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Les disques patients électroniques accélèrent le processus de traitement de Chlamydia

par Heather Mayer, DOTmed News Reporter | May 27, 2010

Analysis of the paper records system between 2007 and 2009 showed that inefficiencies were largely due to long times taken to find notes and having that inaccurate contact information.

Brook said that while the upfront cost of implementing an EPR system is expensive, over the long term it will save hospitals and clinics money.

"Clearly there is the upfront cost to set up the system, but once you've done that, all sorts of cost efficiencies [begin]; you don't have paper notes, you don't have to stock paper notes -- savings accrue around that," he said.

While Brook focused on sexually transmitted diseases because that is his area of expertise, he says EPRs will help any department become more efficient and treatment processes more effective. But having an EPR system in a sexual health clinic that helps treat people faster is particularly important.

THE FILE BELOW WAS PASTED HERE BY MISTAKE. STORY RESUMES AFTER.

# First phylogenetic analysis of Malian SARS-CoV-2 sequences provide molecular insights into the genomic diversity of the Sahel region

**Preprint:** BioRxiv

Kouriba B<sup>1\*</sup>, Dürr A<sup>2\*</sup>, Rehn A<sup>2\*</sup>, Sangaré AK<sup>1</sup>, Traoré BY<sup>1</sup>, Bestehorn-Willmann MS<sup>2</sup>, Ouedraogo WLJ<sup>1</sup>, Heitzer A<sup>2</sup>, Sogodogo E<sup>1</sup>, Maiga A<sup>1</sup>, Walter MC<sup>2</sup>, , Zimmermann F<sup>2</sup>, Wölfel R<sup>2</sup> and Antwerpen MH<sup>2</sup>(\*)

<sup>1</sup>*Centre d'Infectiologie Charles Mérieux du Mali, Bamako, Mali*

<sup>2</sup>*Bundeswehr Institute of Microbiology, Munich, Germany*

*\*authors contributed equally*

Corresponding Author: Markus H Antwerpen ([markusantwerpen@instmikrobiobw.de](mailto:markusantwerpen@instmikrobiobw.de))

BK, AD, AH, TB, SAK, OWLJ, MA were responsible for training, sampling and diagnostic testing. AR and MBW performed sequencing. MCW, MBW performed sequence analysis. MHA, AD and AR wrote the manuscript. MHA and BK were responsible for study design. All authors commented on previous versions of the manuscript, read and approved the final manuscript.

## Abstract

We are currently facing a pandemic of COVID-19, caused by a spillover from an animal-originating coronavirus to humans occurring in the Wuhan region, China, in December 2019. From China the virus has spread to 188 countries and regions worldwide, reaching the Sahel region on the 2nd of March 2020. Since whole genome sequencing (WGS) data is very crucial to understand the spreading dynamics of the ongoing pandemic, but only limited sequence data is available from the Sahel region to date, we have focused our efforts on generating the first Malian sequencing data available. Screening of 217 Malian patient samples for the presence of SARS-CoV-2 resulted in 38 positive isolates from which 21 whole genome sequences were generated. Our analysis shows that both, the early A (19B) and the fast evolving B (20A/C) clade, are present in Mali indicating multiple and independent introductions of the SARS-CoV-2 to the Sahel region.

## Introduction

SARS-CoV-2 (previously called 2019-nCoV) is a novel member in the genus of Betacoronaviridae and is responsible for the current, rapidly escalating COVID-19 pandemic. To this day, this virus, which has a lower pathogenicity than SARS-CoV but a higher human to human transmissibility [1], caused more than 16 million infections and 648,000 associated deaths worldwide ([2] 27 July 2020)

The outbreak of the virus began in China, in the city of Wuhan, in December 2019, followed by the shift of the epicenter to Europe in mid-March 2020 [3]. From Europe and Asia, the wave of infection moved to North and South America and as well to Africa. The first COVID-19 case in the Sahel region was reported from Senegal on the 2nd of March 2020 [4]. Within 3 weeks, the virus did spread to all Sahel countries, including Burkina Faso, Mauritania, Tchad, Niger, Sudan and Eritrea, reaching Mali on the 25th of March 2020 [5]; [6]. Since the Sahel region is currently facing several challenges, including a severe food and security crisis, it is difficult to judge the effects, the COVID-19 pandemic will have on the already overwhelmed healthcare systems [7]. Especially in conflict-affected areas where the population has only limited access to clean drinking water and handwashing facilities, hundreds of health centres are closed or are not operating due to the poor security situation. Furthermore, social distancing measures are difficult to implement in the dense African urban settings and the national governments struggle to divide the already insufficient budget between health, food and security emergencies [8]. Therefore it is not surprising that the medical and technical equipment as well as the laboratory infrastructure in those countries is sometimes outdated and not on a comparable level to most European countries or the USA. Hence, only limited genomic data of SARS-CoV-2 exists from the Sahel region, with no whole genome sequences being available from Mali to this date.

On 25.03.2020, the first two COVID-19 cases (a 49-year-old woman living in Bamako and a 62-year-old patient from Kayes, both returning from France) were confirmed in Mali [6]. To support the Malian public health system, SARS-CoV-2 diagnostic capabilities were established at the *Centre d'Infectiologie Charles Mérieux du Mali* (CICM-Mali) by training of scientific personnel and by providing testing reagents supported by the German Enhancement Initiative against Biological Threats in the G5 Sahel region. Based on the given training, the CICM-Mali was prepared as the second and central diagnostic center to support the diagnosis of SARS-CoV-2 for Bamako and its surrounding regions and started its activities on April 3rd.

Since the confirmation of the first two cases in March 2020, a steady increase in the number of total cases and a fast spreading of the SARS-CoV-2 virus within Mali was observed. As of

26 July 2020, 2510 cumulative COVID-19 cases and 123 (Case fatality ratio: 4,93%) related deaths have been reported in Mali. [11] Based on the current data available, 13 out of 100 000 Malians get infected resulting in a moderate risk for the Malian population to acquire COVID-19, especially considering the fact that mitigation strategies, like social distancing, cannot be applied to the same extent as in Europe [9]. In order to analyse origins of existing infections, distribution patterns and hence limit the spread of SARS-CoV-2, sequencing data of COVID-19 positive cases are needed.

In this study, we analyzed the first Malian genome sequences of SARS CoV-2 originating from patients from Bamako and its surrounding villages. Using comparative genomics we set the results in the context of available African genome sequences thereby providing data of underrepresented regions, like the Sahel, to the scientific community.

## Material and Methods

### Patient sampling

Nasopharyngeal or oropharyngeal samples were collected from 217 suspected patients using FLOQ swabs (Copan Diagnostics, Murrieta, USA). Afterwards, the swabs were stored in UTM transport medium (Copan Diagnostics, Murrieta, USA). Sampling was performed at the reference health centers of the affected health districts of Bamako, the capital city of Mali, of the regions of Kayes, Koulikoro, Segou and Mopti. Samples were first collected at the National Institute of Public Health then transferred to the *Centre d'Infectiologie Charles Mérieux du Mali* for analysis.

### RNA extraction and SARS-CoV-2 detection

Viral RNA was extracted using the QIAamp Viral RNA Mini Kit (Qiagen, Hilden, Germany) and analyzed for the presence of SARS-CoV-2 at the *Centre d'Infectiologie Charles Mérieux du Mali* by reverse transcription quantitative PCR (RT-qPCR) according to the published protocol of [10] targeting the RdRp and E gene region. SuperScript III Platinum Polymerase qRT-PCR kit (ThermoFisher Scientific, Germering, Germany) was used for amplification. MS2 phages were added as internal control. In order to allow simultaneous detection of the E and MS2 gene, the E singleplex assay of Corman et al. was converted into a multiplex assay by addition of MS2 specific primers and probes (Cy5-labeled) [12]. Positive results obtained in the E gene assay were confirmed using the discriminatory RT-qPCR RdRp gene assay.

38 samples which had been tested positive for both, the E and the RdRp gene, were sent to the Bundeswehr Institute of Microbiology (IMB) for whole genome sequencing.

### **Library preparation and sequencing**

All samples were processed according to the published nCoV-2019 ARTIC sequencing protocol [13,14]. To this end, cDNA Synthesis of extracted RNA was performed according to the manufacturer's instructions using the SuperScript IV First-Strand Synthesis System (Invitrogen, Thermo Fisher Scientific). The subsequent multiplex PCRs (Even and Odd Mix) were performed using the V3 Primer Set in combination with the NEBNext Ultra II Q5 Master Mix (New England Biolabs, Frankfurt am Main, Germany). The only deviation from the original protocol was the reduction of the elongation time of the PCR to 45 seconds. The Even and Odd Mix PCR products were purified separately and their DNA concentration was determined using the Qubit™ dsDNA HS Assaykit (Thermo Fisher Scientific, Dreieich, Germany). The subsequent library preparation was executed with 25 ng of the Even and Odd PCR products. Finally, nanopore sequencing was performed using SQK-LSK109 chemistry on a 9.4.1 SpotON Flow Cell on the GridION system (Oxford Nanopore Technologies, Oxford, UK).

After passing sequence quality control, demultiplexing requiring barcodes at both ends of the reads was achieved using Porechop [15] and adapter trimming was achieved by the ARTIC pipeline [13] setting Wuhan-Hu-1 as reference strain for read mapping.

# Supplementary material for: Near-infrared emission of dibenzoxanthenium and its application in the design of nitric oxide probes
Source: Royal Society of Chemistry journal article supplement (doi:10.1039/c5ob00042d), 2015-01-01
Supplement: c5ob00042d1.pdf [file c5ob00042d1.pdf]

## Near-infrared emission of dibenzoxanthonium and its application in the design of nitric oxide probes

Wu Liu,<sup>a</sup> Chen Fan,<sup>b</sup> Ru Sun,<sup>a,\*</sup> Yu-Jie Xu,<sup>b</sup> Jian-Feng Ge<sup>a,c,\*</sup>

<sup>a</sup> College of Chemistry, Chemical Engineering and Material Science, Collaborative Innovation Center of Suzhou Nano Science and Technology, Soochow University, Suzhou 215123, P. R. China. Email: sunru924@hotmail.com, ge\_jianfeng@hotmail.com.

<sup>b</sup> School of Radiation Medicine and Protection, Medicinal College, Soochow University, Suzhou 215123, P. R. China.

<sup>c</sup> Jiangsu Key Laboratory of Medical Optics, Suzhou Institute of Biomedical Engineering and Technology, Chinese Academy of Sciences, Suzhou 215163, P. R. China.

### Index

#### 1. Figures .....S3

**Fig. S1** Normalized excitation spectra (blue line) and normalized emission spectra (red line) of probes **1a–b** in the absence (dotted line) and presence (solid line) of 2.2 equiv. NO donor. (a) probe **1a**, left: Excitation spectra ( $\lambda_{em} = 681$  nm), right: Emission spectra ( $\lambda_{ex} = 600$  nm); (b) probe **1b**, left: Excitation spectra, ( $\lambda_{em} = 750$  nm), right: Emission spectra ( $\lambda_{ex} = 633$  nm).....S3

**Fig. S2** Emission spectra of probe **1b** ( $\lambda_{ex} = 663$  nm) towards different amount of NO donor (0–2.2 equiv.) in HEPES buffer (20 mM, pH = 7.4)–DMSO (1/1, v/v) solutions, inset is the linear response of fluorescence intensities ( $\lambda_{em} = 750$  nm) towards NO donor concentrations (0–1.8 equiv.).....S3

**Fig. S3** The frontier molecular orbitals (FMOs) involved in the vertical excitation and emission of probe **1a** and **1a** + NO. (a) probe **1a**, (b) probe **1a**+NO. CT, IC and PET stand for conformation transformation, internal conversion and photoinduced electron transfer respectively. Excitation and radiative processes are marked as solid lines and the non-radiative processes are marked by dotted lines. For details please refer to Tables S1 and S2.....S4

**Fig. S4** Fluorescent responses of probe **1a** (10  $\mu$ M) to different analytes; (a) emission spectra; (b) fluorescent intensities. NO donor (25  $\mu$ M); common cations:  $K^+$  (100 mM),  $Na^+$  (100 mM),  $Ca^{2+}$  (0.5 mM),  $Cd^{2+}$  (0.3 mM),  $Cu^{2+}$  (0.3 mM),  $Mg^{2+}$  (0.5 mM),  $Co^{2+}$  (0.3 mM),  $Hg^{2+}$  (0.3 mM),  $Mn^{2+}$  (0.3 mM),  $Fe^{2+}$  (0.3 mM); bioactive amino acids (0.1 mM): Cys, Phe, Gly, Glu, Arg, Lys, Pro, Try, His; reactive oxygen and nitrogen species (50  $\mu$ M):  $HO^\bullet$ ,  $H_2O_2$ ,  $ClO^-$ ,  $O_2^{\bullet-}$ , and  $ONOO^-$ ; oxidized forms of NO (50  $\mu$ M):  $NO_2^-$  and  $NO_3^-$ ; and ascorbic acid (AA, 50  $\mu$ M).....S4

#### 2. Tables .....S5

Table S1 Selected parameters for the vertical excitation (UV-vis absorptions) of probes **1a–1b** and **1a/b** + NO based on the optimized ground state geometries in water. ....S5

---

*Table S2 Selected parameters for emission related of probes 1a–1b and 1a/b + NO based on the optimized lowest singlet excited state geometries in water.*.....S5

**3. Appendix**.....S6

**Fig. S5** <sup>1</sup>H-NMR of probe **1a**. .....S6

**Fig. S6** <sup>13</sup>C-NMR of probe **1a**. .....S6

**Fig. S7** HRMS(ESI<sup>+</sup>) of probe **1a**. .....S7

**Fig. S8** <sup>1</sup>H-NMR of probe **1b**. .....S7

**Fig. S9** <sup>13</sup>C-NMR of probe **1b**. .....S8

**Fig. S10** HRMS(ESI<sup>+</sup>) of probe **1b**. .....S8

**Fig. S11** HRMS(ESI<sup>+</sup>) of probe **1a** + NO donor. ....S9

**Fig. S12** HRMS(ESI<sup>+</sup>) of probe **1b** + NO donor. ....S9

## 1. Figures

"The sooner you treat someone, the less likely he is to pass it on to someone else ... so there's an impact on the spread of Chlamydia," he says.

And the quicker someone is treated, the less chance he or she has of developing complications.

WHAT ABOUT CONFIDENTIALITY?

As more facilities institute electronic record systems, the concern for confidentiality comes to the table. This is intensified when it comes to sexual health. Brook pointed out that his clinic's center is extremely secure.

"I believe in our setting, EPR is actually more secure than paper notes," he said. "They sit on shelves inside departments. Someone can break into the department and read them...You can't do that with an EPR."

But in the past several months there have been reports all across the United States of hackers, theft and security breaches in electronic records. For example, in April, a Kentucky medical center notified 5,418 patients of a breach in personal protected health information as a result of a stolen laptop from its mammography suite.

California-based John Muir Health informed 5,450 patients about a potential breach of personal and health information last month as a result of two laptops stolen from the perinatal office, which occurred in February.

And due to a hard drive theft in October, BlueCross Blue Shield of Tennessee identified nearly 1 million current and former members who may have been affected.

It would take a "sophisticated hacker to get into our server to do that," says Brook.

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